Judge to mother: ‘You failed him’

Published 11:45 pm Tuesday, September 16, 2014

By Monique Roth

EDGARD — Tonya Victor, convicted of manslaughter Aug. 1 in the death of her 8-year-old son, had to be restrained by two deputies Monday as Judge Mary Becnel read her sentence before the courtroom.

“Little M.L. was dependent on you, his mother, and you failed him in the most extreme manner by not intervening in his brutal beating and ultimately by not preventing his death,” Becnel said, addressing Tonya directly.

Upon hearing those words, Tonya grabbed the paperwork she was shuffling through and a small bag of belongings in her possession and attempted to bolt for the door before being apprehended by deputies, who did their best to restrain her and calm her down.

Visibly shaking, Tonya started to yell at Becnel.

“I didn’t fail him,” Tonya yelled. “You not gonna tell me I failed.”

Tonya yelled, cried and was visibly shaking as she continued to proclaim her and her husband’s innocence in the 2008 death of M.L. Lloyd III.

Tonya said she did not want to stay for the rest of the sentencing, to which Becnel told her the law said she must be present at her sentencing.

“The law is fake,” Tonya yelled back to Becnel. “Where’s my husband? Where’s my babies at? You took everything away.”

When Tonya calmed down enough for Becnel to be heard, the sentencing continued.

“If anyone could have prevented this child’s death, it was you,” Becnel said. “You were the adult. You were his mother. You should have been his protector.”

Manslaughter of a child under the age of 10 carries a penalty of 10 to 40 years without benefit of probation or parole. Becnel sentenced Tonya to 21 years.

“Whatever the length of your sentence, I believe that at some point you will awake and begin to really feel your child’s death, no longer as your husband’s wife and defender, but as your child’s mother,” Becnel said. “And I pity you when that time comes, because I don’t know how you are going to live with yourself knowing that you could have prevented your child’s death.”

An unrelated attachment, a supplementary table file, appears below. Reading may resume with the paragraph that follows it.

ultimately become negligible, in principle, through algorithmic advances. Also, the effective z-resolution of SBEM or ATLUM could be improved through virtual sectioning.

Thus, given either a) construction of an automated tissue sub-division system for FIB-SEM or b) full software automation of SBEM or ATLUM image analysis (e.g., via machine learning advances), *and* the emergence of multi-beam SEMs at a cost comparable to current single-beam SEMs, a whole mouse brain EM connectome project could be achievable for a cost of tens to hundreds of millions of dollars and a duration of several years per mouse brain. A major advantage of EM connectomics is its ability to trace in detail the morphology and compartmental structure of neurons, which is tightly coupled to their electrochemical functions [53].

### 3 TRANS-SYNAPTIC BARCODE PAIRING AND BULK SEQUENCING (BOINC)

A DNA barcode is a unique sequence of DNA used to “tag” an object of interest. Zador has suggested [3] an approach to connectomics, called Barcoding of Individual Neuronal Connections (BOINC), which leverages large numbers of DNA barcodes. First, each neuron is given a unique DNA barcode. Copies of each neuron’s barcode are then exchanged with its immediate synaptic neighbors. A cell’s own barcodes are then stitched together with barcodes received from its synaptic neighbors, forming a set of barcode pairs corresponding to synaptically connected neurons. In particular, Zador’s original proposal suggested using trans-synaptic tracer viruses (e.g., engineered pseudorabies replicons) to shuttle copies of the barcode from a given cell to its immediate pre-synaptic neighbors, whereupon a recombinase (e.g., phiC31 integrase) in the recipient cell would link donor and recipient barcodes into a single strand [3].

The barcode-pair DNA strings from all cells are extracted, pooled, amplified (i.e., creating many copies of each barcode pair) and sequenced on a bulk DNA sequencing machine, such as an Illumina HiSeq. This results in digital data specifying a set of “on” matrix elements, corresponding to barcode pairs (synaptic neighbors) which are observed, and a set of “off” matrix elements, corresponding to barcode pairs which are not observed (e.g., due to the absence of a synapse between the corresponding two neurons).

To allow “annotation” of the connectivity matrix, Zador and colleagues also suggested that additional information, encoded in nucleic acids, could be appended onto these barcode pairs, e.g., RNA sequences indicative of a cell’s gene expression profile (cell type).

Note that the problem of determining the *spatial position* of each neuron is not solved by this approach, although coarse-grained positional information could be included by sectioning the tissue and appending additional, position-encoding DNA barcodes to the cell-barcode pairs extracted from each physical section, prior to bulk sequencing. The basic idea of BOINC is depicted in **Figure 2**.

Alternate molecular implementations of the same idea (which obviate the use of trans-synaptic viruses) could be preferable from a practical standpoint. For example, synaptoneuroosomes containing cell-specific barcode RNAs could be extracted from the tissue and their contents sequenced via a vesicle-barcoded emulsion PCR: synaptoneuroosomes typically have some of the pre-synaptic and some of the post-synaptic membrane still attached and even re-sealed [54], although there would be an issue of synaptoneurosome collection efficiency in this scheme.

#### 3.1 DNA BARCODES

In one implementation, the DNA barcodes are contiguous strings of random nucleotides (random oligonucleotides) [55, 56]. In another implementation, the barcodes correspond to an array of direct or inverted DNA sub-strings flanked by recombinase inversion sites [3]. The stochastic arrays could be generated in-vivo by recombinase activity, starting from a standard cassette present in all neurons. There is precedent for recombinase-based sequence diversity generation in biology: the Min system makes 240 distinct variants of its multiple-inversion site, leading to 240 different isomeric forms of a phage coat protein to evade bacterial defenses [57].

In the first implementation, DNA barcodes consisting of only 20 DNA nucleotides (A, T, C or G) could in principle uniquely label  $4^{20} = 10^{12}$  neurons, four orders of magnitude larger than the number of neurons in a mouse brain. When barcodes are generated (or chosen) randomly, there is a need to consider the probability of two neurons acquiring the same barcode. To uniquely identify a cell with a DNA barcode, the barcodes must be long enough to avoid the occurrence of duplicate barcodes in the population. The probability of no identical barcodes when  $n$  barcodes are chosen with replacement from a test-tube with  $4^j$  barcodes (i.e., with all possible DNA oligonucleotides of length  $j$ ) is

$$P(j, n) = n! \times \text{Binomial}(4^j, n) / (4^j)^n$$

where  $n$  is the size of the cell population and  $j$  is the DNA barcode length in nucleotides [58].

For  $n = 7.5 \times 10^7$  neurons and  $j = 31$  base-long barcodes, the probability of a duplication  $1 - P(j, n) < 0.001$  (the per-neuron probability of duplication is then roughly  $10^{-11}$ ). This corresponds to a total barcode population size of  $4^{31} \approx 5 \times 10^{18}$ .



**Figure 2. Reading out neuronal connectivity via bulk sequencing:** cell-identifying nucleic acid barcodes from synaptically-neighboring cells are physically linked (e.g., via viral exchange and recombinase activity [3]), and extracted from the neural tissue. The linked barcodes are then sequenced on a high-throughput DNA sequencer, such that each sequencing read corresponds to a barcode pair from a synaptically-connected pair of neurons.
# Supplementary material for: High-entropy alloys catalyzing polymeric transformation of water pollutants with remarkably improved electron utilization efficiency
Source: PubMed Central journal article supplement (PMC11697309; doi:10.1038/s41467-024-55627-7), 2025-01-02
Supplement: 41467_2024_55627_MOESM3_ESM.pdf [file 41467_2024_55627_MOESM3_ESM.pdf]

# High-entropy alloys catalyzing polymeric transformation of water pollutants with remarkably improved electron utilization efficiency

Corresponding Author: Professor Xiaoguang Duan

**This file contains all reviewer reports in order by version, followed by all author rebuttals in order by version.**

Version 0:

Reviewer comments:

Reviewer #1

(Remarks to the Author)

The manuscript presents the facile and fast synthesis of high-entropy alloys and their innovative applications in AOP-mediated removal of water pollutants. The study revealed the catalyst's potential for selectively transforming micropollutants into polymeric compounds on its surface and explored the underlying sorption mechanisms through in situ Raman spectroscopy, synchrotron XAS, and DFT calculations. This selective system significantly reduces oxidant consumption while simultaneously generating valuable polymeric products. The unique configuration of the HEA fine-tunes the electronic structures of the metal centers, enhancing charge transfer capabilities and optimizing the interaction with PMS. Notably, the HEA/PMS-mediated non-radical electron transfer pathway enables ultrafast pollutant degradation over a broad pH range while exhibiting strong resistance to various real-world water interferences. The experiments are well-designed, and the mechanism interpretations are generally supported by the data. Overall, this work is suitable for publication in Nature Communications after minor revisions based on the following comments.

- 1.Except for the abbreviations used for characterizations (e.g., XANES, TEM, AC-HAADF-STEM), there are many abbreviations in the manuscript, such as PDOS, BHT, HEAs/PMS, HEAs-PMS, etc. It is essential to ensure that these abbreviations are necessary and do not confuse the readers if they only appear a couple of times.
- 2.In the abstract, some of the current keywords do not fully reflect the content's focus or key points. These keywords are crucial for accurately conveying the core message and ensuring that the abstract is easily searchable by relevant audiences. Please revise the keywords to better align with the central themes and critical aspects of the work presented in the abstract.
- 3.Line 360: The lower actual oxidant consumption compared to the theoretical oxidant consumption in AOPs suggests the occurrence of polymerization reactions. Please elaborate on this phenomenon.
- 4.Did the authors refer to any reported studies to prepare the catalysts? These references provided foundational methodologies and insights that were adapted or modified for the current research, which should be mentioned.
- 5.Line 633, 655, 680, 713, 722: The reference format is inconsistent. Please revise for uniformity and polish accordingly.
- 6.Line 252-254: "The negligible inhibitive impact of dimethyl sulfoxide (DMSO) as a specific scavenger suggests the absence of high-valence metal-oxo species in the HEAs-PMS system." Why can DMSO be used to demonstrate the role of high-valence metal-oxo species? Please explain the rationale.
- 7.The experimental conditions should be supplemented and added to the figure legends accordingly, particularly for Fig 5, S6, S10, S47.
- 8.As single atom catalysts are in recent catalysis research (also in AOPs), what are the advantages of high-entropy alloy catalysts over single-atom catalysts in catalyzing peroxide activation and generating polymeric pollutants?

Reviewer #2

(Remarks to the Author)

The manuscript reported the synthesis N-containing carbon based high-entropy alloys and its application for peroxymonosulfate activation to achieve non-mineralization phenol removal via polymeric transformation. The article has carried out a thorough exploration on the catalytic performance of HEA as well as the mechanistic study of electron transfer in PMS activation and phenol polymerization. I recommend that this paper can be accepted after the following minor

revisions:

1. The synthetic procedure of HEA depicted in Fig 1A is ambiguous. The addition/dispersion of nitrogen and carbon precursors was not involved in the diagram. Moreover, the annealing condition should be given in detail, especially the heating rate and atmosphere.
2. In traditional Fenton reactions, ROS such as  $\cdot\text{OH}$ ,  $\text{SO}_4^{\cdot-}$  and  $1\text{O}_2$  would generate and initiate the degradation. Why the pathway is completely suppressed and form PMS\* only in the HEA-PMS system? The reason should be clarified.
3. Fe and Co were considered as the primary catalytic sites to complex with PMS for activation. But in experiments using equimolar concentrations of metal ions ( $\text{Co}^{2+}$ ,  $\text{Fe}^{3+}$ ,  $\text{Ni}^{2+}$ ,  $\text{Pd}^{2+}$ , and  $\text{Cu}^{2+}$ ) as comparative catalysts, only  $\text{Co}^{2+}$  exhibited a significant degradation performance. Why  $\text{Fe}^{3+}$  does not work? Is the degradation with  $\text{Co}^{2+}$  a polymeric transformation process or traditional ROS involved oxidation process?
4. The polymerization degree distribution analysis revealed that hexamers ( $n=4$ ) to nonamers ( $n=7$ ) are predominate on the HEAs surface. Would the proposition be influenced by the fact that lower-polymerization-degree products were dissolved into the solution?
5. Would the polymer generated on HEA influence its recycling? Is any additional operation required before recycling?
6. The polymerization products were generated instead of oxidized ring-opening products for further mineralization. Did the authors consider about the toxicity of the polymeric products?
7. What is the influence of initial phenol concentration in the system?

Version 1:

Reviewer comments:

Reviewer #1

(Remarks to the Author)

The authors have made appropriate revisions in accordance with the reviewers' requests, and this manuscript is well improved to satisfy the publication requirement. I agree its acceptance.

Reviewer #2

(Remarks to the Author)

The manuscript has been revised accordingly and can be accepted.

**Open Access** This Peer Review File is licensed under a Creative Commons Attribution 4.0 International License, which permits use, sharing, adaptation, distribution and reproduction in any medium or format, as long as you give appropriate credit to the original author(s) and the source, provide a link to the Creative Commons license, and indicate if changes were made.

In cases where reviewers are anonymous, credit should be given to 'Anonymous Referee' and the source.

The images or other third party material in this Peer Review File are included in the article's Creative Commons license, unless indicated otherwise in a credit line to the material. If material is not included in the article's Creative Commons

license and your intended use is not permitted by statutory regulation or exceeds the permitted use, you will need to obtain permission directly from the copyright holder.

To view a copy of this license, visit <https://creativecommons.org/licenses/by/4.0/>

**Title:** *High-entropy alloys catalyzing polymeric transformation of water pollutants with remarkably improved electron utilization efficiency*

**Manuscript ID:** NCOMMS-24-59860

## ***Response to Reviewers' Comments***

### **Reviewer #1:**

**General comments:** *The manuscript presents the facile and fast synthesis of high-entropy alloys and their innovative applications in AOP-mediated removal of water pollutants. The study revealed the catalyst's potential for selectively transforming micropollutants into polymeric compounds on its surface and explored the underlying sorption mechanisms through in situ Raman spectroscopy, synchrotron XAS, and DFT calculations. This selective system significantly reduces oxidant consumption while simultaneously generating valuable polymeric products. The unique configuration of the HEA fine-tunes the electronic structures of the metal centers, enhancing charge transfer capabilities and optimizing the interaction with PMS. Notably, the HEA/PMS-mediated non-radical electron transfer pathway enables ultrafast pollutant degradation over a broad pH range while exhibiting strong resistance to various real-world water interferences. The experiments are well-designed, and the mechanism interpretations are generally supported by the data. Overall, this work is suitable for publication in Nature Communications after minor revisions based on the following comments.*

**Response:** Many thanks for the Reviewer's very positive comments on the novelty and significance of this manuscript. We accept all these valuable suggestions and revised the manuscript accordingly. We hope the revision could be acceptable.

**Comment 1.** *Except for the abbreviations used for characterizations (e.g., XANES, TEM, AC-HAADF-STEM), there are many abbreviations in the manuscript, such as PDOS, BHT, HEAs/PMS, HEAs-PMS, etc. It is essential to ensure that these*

Tonya was sentenced separately from her husband Errol, which is in contrast to their trials where they each represented themselves in dual trial proceedings.

Errol’s sentence of second-degree murder carried a non-discretionary life without the possibility of parole.

Before Becnel read his sentence, she allowed Errol to address the court.

“We will fight this all the way to the Supreme Court of the Unites States,” Errol said of his and Tonya’s convictions. “We had a family tragedy … you have no business in our loss or tragedy.”

Errol sat down to hear his sentence after telling Becnel, “We don’t recognize your authority.”

Becnel then began to read her sentence.

“I agree with you that it is … a family tragedy for all your family, especially your children, but also for the Victor family — a good, respected family in our parish,” Becnel said. “It is a tragedy for your mother and your siblings and other relatives who are probably still wondering what happened to you — a son, a brother — to be involved in such a crime.”

Becnel told Tonya and Errol they have two years to apply for post-conviction relief.

Eight-year old M.L., Tonya’s son and Errol’s stepson, was pronounced dead at River Parishes Hospital on April 1, 2008, after authorities said he was severely whipped and beaten for taking ice cream without permission.

The Victors, who were arrested shortly after M.L. was brought to the hospital, vehemently denied abuse and homicide accusations for years, maintaining their innocence and saying the child died as a result of a severe asthma attack.

In mid-August the couple mounted several unsuccessful post-trial motions, including a motion for a new trial and a motion to delay sentencing.